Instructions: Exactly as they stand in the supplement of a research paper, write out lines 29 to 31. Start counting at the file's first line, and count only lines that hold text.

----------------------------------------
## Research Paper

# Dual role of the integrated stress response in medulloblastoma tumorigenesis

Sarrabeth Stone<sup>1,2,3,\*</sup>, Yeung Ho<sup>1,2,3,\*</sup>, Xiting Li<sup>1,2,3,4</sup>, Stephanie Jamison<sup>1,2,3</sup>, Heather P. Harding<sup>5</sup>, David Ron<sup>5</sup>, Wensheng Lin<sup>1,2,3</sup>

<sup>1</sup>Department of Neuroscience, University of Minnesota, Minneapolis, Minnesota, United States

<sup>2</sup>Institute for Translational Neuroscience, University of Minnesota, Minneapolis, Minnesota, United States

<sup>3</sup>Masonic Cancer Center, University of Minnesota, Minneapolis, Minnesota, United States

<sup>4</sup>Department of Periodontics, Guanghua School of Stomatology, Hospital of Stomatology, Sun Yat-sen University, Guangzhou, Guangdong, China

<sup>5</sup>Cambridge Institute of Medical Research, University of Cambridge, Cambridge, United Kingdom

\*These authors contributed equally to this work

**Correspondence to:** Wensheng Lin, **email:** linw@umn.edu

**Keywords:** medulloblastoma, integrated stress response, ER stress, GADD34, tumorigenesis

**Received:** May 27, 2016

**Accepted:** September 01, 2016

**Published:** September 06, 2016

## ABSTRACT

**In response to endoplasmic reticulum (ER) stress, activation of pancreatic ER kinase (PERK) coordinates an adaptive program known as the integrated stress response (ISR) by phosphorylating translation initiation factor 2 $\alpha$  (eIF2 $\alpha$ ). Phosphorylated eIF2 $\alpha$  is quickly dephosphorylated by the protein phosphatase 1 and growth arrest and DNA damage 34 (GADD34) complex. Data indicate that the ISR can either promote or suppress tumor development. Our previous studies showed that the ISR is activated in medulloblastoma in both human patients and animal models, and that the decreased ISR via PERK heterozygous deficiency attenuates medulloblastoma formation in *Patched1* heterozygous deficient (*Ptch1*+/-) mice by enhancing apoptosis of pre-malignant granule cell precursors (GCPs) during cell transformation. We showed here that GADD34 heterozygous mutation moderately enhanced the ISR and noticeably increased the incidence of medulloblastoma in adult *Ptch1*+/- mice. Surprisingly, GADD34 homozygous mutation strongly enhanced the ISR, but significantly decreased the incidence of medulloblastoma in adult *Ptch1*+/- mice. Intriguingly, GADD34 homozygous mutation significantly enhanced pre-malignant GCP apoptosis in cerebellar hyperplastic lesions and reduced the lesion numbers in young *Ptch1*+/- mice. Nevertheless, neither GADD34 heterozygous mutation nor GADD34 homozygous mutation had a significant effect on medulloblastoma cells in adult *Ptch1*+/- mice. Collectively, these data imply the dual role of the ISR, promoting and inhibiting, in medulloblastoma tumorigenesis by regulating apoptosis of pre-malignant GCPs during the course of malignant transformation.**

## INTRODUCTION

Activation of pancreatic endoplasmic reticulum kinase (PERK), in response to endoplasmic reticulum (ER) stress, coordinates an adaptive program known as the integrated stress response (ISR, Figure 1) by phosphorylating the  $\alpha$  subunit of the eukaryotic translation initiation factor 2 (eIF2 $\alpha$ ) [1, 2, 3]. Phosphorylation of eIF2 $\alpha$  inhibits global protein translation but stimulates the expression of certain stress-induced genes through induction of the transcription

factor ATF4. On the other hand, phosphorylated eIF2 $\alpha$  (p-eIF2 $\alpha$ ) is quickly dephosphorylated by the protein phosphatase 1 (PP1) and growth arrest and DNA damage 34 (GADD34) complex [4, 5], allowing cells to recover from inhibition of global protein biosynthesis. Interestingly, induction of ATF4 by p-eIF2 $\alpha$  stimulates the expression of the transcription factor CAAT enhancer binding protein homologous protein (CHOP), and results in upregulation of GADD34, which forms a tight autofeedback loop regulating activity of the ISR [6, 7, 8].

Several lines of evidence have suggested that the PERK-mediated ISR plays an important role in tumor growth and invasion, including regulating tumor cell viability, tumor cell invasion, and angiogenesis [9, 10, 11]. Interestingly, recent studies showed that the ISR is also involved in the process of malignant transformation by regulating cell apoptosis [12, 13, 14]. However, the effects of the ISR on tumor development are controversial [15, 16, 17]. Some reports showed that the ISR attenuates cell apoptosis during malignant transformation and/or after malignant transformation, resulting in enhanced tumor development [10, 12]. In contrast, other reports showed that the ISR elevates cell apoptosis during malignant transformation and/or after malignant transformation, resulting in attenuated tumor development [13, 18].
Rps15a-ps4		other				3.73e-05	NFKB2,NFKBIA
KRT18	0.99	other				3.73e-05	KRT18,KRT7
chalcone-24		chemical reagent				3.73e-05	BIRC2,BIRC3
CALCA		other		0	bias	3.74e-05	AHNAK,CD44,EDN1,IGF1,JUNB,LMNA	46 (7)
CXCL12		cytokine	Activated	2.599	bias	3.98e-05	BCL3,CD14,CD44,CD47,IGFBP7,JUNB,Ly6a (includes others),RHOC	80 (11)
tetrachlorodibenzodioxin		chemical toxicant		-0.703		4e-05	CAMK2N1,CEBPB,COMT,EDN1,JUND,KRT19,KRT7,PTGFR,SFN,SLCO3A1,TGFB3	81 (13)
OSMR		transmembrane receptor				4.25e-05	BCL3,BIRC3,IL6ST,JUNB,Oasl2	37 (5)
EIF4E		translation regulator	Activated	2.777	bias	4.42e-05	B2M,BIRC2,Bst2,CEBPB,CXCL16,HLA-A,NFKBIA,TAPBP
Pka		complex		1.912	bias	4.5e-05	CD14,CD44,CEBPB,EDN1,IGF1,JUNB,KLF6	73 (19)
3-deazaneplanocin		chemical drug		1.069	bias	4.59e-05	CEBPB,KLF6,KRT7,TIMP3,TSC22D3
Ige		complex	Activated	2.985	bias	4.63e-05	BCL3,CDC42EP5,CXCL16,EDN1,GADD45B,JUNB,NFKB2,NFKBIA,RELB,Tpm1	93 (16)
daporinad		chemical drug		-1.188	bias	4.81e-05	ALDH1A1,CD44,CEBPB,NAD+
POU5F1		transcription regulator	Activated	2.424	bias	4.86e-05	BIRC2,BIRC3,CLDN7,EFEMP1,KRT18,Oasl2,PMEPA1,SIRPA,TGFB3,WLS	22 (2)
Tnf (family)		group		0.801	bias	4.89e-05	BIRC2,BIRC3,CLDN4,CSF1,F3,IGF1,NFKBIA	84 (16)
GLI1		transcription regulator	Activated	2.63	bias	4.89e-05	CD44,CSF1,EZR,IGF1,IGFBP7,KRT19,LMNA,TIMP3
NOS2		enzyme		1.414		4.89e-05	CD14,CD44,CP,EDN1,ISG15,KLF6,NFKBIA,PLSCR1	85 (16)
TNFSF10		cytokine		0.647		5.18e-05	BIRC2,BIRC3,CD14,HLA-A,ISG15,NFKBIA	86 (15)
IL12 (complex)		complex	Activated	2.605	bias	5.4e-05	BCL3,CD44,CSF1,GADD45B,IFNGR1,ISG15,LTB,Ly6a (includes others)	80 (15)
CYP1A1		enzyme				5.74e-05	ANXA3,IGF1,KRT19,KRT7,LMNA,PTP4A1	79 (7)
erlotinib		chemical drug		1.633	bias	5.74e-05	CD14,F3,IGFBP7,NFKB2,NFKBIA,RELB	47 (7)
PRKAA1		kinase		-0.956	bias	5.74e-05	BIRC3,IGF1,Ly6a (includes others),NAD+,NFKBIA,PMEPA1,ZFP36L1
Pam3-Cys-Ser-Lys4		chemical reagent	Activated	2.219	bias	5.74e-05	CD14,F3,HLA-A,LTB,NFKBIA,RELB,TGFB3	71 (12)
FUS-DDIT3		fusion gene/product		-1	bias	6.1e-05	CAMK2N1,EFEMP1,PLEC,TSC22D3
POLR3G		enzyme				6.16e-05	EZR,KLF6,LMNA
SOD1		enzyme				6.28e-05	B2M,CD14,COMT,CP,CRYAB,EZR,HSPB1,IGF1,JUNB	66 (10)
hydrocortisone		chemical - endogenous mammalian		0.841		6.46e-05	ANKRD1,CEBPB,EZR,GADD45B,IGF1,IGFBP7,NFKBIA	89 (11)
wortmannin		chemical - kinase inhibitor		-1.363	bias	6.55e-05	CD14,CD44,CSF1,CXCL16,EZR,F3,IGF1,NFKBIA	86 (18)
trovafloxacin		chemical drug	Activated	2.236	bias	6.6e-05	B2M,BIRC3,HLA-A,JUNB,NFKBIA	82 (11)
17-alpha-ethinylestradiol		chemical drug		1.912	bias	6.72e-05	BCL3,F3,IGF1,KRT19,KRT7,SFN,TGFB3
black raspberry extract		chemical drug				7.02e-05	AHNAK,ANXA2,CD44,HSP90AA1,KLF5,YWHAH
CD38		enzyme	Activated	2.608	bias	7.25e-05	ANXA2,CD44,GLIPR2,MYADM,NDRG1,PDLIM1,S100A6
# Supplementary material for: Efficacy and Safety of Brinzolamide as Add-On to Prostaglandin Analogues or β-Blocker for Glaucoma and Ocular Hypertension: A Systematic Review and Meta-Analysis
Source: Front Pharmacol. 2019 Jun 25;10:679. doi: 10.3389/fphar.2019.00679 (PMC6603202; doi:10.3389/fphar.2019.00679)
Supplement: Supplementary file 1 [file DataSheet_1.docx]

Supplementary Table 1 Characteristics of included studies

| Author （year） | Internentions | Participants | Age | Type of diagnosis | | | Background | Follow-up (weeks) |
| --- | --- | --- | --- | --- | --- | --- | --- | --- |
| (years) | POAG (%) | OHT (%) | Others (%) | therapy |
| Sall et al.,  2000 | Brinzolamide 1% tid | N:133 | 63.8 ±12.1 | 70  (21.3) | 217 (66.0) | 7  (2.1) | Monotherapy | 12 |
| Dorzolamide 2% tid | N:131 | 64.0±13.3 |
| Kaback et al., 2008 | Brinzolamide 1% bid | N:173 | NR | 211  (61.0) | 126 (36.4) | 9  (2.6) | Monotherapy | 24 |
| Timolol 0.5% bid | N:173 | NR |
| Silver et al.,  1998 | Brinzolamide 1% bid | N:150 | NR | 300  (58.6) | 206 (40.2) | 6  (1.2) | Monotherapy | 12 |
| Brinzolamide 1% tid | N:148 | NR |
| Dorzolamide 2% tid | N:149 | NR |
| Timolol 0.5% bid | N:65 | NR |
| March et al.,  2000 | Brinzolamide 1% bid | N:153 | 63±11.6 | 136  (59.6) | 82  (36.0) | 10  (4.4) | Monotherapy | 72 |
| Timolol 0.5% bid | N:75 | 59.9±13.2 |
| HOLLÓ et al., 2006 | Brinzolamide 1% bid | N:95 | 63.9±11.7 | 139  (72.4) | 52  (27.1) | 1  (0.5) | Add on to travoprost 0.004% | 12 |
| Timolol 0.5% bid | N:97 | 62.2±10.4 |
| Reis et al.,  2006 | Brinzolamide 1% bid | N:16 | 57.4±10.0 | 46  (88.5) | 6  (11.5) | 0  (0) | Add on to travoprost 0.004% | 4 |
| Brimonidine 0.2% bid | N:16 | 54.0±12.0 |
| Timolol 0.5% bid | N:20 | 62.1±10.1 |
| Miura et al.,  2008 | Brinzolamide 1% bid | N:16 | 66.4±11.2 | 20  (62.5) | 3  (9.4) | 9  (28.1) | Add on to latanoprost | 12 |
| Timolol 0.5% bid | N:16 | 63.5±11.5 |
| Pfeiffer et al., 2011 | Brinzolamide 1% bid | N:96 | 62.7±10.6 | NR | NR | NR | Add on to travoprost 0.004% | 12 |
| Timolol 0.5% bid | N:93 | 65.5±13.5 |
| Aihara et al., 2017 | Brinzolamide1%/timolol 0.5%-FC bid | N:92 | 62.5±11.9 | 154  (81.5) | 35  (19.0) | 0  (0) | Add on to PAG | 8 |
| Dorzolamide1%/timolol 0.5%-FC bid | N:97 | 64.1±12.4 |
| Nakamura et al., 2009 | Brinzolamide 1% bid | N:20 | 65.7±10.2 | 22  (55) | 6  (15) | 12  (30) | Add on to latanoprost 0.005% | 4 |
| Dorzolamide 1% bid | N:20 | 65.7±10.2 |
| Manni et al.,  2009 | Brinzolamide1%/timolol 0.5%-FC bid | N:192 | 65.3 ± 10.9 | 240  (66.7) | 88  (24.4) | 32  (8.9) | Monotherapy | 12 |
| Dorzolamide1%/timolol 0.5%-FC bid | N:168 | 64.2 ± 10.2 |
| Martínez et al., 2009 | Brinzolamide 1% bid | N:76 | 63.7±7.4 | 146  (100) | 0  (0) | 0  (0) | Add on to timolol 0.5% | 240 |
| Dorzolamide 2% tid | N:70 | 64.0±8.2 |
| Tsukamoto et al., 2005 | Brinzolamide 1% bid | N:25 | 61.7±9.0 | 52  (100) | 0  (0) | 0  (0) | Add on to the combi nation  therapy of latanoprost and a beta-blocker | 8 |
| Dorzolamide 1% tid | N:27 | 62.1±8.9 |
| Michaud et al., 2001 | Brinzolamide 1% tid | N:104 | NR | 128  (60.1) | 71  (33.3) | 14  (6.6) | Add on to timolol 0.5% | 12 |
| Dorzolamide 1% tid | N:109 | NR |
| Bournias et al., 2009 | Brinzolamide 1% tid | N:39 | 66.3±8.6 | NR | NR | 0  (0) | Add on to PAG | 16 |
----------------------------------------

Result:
Pka		complex		1.912	bias	4.5e-05	CD14,CD44,CEBPB,EDN1,IGF1,JUNB,KLF6	73 (19)
3-deazaneplanocin		chemical drug		1.069	bias	4.59e-05	CEBPB,KLF6,KRT7,TIMP3,TSC22D3
Ige		complex	Activated	2.985	bias	4.63e-05	BCL3,CDC42EP5,CXCL16,EDN1,GADD45B,JUNB,NFKB2,NFKBIA,RELB,Tpm1	93 (16)